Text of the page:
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UK schools maintain growth push in China

By WANG MINGJIE in London | CHINA DAILY | Updated: 2021-07-01 09:19
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British independent schools operating in China have shown great resilience during the COVID-19 pandemic, fueled by demand from Chinese parents wanting a hybrid education for their children that keeps them close by-especially during a health crisis.

Fourteen new British schools entered the Chinese market last year, compared with only four in 2019, and the market's expansion is set to continue with more than 40 schools scheduled to open in the next few years, according to a report by Beijing consultancy Venture Education.

Education experts say such demand has been boosted by British schools looking to expand at a time when local developers see advantages in working with a UK school when presenting plans to local governments. Also stoking demand is the ongoing widening of the education sector as Chinese families seek different options for their children.

Julian Fisher, a senior partner at Venture Education, said: "International education, overseas or at home, provides an option for students who may not excel in the state system."

One of the British schools that opened up its doors to non-Chinese passport holders during the pandemic is Lady Eleanor Holles, in Foshan, Guangdong province. Campus headmaster Steve Allen described the experience as an "interesting challenge".

Allen said: "There is no doubt that COVID-19 has made many parents question overseas education. Some parents have gone one step further and have chosen to keep their children in national education; many others, however, are looking for international options closer to home."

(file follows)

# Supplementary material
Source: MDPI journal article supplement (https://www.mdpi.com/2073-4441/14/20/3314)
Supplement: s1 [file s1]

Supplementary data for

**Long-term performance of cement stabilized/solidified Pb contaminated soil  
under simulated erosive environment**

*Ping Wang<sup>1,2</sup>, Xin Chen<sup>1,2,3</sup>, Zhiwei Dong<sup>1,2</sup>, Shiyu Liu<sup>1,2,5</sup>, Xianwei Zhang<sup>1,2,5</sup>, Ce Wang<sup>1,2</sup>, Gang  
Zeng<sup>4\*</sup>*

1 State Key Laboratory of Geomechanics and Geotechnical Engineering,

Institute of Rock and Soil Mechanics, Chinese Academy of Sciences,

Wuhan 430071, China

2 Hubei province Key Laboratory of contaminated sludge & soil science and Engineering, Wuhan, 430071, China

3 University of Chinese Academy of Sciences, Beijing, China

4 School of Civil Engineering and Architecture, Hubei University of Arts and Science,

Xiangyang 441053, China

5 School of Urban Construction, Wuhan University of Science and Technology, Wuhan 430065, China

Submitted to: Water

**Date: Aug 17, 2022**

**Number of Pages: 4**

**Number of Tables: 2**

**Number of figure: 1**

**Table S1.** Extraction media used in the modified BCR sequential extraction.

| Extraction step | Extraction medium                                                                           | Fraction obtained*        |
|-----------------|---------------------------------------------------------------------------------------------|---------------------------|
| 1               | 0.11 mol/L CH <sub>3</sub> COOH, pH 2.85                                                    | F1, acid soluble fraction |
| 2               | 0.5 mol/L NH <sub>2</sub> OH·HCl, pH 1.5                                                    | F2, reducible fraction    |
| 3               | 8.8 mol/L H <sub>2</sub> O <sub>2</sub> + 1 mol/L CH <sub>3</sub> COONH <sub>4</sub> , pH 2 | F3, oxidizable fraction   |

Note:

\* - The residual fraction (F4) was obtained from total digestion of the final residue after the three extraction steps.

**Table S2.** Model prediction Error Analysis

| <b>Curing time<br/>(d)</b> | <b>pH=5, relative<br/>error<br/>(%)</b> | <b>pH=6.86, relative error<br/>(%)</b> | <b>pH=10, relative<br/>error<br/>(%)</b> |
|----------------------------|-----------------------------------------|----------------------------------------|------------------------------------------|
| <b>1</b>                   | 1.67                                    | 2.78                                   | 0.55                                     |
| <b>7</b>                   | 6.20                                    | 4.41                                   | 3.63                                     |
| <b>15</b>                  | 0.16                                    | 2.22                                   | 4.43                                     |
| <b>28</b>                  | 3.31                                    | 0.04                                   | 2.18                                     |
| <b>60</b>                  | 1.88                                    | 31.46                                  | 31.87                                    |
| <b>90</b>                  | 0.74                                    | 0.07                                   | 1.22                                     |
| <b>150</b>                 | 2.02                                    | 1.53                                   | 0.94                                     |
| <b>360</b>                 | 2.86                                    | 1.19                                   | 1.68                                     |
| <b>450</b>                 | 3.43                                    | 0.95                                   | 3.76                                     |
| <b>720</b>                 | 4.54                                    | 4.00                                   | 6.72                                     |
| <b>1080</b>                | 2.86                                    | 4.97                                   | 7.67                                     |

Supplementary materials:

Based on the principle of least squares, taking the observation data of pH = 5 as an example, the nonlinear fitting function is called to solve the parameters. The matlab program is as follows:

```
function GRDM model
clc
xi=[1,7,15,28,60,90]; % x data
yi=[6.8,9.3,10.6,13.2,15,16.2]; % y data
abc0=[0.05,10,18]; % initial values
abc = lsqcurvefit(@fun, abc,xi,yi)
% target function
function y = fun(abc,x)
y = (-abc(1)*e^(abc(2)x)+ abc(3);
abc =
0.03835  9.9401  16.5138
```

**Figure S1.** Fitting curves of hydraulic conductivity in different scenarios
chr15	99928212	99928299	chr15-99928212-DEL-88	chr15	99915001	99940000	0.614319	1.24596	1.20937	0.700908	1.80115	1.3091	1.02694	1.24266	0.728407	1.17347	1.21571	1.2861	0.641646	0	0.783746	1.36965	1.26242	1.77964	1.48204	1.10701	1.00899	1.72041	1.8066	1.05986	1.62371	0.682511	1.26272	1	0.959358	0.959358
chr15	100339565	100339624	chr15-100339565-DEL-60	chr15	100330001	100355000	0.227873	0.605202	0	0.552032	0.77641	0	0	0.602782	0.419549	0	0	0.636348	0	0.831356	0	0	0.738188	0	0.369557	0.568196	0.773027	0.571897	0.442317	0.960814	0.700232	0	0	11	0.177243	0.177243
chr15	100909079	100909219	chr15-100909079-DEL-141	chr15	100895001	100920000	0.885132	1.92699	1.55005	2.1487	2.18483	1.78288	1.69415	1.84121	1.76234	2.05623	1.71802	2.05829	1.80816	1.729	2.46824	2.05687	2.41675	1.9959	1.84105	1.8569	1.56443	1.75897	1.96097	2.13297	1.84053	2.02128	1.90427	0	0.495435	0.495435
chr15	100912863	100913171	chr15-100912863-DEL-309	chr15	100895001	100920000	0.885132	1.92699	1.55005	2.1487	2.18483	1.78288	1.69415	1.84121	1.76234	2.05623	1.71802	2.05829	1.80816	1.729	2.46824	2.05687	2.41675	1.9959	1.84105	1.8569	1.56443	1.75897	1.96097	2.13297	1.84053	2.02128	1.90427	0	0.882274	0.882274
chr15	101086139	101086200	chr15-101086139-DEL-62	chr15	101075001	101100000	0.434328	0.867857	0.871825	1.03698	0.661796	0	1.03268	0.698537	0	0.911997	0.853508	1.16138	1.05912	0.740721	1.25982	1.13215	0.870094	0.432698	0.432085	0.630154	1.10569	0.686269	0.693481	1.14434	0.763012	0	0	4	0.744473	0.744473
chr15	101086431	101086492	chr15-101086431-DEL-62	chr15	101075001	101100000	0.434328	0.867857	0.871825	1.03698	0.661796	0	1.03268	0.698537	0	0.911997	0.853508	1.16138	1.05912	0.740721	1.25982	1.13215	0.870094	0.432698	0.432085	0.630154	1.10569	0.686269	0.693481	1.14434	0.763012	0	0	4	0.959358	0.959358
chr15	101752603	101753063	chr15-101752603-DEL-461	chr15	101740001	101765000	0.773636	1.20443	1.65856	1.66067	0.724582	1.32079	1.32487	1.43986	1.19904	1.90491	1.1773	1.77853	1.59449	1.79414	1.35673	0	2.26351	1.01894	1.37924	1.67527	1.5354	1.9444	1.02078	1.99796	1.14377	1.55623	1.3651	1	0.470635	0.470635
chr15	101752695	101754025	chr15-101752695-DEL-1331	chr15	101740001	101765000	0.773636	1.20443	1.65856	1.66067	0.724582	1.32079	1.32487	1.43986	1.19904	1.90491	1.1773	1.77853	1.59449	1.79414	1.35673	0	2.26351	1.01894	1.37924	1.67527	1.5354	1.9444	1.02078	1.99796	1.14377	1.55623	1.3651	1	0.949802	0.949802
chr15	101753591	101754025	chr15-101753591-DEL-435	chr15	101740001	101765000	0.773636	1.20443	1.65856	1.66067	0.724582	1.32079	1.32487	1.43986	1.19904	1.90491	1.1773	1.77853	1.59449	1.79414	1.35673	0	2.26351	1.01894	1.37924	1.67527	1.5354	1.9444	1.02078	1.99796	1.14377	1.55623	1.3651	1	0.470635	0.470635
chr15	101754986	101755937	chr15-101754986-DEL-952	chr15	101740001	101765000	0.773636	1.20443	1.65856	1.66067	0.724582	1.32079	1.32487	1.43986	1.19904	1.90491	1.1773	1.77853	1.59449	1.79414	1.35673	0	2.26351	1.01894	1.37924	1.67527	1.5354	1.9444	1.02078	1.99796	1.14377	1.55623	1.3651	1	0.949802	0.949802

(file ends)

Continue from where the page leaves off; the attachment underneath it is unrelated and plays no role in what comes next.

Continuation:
As more British schools open up in China, the trend has prompted a debate among experts on how to integrate two educational systems that have sprung from different philosophies.

Kate Rowe, higher education and employability chair at the British Chamber in China, raised the question as to "how can these schools authentically deliver the best of British education while adapting to an increasingly self-confident Chinese market, and remaining sensitive and alive to the traditions, regulations and expectations of their host country?"

"Finding shared values might prove a more fruitful embarkation point than banding together superficial points of contact between curriculums or trying to jar two pedagogical hemispheres," she said.

While some analysts contend that the number of schools entering China may be constrained by an "identity crisis", others hold the strong view that the fusion-based education approach is bound to grow.

Roger Sinnett, headmaster at St Bees School in the UK, part of the Full Circle Education Group, said: "The fusion concept answers consumer demand in China for a genuine hybrid system while at the same time delivering the statutory curriculum content required by the Chinese government."

Sinnett, who has 13 years of China experience in dealing with educational provision, is of the opinion that while the COVID-factor still plays a part in present decision-making, with parents hesitant to send their child out of China, that will soon pass.

"The real winners, however, will be the schools inside China which can provide a genuine fusion curriculum which delivers the requirements of the Chinese system hand-in-hand with a high-power international component, but fused together in such a way that it produces one integrated common approach," he said. "This is where the British schools can play a creative and respectful role in the further development of education in China."

He pointed out "there still exists an attitude from some British schools which exude a 'we do it better' arrogance", and equally "the Chinese tendency to fall for the 'it's expensive, therefore it must be good trick', which should be avoided.

"It is high time that China and the UK agreed to work together at an official level to recognize each other's weaknesses and benefit from each other's strengths. It's the concept of the Yin and the Yang. Each needs the other to be complete. We pool our best practice, and build a hybrid system which is the envy of the world. We resist the tendency toward protectionism and embrace the inexorable march towards globalism," Sinnett added.

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